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Hackers Seize Popular Twitter Accounts for Giant Bitcoin Scam

Scammers have gained access to a number of high-profile Twitter accounts, including those of Warren Buffett, Bill Gates, Kanye West, and Elon Musk

Today, hackers gained control of a number of Twitter accounts, and used them to scam people out of their Bitcoin money. As we have reported before, the security within Bitcoin actually seems to facilitate scams.

In the current ripoff, scammers have gained access to a number of high-profile Twitter accounts, including those of Warren Buffett, Bill Gates, Kanye West, and Elon Musk. Their usual line is that they are seeking matching donations to a good cause. So if the user sends Bitcoin to a certain wallet address, the high-profile Twitter account will send a matching donation. However, the wallet address (and the promised match) are both frauds, and the money goes straight into the scammers’ pockets.

It is unclear how the scammers managed to gain access to all of these accounts, as it seems that many users continue to get hacked after deleting the problematic tweets (and presumably changing their password). Some have suggested that the hackers have penetrated a high-level Twitter admin account, while others opine that the hackers have penetrated a multi-platform social media distribution service that the Twitter account holders are subscribed to.

Much of the reporting on this attack comes from the Malware Tech Blog’s Twitter account:

Anyway can view the account that money is coming into at this link. As noted earlier, because Bitcoin has made itself secure for hackers and not for ordinary people, knowing where the money is going doesn’t help anyone to stop it or return the stolen goods. As of this writing, just a few hours in, the scammers have collected over $100,000.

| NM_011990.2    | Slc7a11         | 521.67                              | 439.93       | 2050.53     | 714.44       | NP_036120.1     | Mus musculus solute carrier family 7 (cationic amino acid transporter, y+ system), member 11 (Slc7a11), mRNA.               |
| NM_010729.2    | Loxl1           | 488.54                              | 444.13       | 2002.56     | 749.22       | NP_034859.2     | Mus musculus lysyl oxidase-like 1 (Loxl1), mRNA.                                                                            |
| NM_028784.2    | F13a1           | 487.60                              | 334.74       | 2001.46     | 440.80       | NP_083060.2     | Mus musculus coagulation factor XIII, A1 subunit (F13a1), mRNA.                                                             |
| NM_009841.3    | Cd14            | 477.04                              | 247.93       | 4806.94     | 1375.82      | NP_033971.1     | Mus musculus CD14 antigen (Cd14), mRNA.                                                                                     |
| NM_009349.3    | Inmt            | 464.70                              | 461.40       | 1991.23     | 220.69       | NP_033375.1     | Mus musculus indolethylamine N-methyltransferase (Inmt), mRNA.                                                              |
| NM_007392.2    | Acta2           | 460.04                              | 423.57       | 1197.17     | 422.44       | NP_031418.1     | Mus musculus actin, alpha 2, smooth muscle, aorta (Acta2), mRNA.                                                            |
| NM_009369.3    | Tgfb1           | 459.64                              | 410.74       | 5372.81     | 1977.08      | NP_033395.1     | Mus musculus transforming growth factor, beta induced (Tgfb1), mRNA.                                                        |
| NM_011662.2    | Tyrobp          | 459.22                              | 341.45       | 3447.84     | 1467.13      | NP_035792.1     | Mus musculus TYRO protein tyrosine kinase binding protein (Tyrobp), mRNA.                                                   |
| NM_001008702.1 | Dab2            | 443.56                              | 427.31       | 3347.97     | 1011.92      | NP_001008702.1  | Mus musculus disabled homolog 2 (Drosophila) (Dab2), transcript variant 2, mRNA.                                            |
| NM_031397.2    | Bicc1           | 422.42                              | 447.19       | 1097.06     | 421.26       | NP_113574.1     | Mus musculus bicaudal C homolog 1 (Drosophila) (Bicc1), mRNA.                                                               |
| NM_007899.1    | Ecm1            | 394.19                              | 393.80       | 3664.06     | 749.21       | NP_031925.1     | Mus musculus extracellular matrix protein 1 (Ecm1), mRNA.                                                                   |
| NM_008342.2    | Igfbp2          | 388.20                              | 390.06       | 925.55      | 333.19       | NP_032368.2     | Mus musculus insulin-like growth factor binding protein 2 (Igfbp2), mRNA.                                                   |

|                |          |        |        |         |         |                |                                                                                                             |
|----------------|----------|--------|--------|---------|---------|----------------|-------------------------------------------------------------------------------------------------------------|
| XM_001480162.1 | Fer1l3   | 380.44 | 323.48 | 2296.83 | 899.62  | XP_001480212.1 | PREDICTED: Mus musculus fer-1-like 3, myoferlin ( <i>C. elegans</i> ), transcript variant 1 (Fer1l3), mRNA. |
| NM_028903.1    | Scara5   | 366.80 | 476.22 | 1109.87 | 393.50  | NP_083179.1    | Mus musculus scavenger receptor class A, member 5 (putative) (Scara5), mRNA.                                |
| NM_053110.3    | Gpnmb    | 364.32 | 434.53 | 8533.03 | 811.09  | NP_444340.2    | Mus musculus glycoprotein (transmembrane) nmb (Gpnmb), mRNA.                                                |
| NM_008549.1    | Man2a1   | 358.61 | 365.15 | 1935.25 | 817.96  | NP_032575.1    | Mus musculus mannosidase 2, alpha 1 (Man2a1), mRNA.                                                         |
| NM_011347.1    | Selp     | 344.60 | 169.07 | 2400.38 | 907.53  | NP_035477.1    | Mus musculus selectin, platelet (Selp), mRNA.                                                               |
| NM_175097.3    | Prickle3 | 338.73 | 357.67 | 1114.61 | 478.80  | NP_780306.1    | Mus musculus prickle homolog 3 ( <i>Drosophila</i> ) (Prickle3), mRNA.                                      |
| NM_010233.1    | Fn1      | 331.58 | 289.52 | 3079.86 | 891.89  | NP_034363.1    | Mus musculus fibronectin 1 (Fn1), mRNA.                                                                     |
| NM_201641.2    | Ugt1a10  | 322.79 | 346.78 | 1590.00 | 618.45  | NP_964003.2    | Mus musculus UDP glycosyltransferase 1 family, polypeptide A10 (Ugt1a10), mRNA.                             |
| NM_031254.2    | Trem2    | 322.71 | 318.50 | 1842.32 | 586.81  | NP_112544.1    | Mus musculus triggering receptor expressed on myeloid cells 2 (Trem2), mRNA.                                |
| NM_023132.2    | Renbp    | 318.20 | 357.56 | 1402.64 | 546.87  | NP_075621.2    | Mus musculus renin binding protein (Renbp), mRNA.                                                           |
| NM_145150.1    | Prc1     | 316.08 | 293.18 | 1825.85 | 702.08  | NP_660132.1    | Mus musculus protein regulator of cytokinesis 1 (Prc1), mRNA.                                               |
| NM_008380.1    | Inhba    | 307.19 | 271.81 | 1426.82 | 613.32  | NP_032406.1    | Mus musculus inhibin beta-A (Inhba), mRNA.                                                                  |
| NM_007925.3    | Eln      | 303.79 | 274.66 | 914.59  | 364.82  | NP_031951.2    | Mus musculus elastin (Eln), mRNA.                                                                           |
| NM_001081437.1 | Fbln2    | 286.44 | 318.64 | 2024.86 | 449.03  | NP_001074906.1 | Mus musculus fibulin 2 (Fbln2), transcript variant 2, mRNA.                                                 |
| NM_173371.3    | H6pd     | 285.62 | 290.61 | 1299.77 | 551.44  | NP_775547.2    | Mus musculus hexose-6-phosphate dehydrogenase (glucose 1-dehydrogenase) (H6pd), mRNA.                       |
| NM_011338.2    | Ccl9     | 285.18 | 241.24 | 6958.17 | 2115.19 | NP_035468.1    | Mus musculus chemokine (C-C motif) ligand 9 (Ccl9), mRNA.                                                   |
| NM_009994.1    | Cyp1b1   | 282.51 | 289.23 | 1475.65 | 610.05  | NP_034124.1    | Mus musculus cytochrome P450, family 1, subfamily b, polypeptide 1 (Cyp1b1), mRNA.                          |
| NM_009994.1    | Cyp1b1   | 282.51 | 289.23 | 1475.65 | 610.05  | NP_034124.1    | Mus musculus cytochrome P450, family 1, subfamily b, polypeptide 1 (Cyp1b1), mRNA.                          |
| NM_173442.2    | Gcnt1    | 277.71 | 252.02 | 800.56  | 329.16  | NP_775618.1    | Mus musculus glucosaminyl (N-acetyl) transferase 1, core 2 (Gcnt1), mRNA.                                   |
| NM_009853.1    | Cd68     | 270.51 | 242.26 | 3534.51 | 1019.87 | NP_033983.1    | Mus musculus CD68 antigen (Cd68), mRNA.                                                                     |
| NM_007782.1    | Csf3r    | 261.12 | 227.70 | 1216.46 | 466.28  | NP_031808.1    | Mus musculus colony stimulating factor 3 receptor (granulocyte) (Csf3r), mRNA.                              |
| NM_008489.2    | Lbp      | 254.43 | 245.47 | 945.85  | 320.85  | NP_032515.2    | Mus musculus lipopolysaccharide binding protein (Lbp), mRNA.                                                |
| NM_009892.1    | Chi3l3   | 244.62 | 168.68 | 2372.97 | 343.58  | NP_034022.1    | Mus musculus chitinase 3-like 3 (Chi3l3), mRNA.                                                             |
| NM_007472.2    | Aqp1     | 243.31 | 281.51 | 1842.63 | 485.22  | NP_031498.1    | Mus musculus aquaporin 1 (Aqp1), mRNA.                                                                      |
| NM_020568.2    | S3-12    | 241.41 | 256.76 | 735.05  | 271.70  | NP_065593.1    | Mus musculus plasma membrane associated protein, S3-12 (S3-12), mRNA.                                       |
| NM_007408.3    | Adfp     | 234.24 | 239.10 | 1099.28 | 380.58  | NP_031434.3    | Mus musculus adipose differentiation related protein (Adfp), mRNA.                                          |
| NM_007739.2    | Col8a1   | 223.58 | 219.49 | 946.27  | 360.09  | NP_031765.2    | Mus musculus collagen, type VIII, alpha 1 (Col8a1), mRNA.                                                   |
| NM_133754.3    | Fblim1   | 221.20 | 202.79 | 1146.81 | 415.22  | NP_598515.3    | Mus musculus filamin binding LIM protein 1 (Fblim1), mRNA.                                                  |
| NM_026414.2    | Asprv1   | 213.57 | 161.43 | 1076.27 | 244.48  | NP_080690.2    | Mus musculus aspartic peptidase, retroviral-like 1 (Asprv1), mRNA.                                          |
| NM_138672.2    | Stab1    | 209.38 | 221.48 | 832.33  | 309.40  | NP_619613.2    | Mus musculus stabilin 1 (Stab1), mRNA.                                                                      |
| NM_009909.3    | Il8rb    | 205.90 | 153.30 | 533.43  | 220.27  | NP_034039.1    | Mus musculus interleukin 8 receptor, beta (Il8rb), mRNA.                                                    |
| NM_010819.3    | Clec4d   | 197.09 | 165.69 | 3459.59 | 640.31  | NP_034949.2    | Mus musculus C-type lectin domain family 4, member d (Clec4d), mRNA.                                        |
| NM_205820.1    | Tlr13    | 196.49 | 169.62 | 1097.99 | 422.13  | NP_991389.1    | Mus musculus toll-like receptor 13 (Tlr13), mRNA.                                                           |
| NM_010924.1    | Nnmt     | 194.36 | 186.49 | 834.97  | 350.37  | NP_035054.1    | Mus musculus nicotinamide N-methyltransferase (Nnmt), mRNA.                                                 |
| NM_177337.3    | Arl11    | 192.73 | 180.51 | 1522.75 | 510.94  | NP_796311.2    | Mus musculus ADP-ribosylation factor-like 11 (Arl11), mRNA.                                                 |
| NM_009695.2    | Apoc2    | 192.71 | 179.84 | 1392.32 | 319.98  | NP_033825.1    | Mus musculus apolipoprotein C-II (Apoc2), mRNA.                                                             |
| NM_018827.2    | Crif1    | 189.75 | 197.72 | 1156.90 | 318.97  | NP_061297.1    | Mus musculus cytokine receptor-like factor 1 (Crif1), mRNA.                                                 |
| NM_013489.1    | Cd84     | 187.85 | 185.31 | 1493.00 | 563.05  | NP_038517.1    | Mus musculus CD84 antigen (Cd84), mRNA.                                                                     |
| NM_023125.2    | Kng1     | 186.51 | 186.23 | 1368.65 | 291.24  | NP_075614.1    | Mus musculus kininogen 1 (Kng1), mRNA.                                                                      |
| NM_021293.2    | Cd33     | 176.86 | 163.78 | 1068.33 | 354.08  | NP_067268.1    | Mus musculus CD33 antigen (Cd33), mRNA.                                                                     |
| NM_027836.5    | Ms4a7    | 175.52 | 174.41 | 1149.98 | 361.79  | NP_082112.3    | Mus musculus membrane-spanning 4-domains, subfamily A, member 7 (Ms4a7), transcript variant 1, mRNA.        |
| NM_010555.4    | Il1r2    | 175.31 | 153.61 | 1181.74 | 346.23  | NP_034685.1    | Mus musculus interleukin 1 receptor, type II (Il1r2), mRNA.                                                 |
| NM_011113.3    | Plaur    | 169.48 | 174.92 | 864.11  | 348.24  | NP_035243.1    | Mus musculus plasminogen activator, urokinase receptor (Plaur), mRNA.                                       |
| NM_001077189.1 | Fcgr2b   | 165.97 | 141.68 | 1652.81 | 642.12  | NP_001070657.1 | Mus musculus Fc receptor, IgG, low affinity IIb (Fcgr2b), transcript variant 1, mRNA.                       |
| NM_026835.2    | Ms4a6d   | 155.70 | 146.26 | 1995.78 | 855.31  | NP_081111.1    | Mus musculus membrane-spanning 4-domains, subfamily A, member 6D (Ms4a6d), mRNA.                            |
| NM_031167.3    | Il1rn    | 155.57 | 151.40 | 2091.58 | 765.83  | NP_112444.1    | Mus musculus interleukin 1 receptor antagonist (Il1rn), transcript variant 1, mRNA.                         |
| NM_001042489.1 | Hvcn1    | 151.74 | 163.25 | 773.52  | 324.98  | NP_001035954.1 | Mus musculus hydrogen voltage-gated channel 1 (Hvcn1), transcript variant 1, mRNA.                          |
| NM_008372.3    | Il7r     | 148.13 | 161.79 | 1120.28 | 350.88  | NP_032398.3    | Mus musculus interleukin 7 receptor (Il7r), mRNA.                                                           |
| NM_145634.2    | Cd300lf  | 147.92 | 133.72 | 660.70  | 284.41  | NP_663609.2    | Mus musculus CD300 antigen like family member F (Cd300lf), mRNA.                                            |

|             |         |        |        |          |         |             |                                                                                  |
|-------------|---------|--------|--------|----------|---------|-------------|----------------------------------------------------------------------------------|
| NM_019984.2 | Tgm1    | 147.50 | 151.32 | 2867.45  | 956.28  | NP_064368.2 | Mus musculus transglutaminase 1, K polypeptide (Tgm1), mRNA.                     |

There seems to be an additional scam involving retweeting+following, as the image below indicates. It is unclear if the hackers are using this to send a DM with Bitcoin transfer information, or if this is related to how they are gaining new accounts to take over.

Just be aware, if you’re online, even things that come from reputable sources can be scams. Hackers can take control. Be careful and stay safe out there.


Further reading:

Is Bitcoin safe? Why the human side of security is critical.

and

Bitcoin: Is lack of trust the biggest security threat? It’s almost a parable: Everyone can see, no one can access, the millions trapped in the ether by a password known only to a dead man.


Jonathan Bartlett

Fellow, Walter Bradley Center for Natural & Artificial Intelligence
Jonathan Bartlett is a senior software R&D engineer at Specialized Bicycle Components, where he focuses on solving problems that span multiple software teams. Previously he was a senior developer at ITX, where he developed applications for companies across the US. He also offers his time as the Director of The Blyth Institute, focusing on the interplay between mathematics, philosophy, engineering, and science. Jonathan is the author of several textbooks and edited volumes which have been used by universities as diverse as Princeton and DeVry.

Hackers Seize Popular Twitter Accounts for Giant Bitcoin Scam